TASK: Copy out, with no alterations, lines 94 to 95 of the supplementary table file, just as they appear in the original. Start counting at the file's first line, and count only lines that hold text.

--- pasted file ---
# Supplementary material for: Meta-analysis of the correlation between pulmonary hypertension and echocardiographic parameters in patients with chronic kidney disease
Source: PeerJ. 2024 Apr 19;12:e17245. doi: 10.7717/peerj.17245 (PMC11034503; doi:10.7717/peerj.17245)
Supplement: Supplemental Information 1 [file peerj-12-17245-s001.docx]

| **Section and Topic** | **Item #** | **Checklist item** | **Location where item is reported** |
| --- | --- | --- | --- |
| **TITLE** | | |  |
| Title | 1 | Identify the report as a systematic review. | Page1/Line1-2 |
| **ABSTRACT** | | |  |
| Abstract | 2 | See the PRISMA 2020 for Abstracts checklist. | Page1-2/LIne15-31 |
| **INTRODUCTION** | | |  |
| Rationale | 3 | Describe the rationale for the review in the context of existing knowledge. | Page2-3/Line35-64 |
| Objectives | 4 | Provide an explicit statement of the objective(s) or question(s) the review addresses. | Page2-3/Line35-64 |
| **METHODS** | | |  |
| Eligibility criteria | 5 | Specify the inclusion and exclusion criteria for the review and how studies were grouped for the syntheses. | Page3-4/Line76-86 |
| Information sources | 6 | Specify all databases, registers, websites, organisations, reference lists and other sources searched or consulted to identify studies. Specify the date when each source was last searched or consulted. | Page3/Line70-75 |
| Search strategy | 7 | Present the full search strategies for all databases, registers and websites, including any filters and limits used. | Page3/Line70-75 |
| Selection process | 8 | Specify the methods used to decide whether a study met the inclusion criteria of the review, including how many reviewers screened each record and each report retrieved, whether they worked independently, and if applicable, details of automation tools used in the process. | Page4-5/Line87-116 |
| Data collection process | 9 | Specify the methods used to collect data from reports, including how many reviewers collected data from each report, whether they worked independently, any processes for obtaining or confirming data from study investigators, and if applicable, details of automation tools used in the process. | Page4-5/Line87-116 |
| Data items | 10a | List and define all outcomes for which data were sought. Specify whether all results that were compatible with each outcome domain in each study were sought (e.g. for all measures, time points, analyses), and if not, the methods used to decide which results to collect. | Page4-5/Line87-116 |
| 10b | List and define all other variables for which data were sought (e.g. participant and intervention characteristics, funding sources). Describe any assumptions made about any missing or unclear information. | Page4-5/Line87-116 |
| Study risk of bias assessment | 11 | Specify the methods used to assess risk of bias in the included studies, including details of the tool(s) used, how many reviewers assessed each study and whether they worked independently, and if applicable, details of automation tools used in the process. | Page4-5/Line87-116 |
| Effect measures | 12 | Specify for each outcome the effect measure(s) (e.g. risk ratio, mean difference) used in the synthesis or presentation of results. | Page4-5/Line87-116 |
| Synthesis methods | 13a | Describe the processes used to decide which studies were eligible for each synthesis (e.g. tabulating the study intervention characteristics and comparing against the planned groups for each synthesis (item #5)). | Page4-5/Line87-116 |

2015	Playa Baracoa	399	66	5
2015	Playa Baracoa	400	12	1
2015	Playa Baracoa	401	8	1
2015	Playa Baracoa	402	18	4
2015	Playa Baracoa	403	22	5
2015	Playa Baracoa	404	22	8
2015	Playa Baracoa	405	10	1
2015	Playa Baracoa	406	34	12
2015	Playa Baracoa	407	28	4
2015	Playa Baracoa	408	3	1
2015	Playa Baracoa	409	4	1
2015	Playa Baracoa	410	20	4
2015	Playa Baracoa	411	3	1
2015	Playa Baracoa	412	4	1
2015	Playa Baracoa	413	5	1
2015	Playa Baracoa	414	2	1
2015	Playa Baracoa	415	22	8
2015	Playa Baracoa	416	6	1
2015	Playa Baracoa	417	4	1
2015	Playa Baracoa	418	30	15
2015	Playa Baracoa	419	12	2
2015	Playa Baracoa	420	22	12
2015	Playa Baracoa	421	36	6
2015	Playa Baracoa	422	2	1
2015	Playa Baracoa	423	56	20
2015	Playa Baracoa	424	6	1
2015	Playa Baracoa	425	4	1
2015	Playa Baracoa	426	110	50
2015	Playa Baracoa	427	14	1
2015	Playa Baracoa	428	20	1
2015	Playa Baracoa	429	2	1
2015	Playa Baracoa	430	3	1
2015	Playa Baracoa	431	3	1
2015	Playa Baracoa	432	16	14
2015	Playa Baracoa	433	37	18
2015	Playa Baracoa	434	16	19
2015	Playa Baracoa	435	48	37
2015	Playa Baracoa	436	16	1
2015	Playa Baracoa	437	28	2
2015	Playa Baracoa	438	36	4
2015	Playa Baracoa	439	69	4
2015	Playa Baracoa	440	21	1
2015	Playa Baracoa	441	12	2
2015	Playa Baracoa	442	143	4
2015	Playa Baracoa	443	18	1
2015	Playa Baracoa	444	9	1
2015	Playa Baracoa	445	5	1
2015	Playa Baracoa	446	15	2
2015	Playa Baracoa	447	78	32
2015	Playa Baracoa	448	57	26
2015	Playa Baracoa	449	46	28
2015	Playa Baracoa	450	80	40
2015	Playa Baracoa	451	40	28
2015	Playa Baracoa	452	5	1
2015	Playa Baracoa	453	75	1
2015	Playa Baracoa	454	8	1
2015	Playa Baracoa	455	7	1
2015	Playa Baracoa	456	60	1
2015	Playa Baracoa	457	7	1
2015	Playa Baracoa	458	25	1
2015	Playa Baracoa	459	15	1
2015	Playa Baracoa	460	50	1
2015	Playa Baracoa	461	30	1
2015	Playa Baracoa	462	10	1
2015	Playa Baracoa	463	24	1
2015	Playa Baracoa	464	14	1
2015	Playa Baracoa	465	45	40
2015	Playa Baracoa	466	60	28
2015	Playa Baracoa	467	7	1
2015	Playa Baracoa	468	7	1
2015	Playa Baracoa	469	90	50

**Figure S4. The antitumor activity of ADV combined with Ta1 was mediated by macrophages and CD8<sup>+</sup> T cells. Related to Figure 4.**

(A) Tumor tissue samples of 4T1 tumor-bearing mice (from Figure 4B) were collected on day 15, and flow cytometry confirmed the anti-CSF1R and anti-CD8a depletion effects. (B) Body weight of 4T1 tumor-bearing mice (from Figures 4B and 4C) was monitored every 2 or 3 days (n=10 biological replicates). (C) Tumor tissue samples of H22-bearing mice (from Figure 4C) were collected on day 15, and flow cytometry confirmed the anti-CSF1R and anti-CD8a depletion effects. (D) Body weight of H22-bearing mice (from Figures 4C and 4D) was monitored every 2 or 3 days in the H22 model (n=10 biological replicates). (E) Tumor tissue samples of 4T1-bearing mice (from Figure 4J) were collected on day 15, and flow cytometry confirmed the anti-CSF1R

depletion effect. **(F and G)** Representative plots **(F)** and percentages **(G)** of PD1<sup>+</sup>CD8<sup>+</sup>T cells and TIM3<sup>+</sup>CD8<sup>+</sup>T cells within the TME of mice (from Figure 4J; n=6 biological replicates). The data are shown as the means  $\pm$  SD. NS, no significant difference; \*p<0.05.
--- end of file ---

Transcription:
2015	Playa Baracoa	469	90	50

**Figure S4. The antitumor activity of ADV combined with Ta1 was mediated by macrophages and CD8<sup>+</sup> T cells. Related to Figure 4.**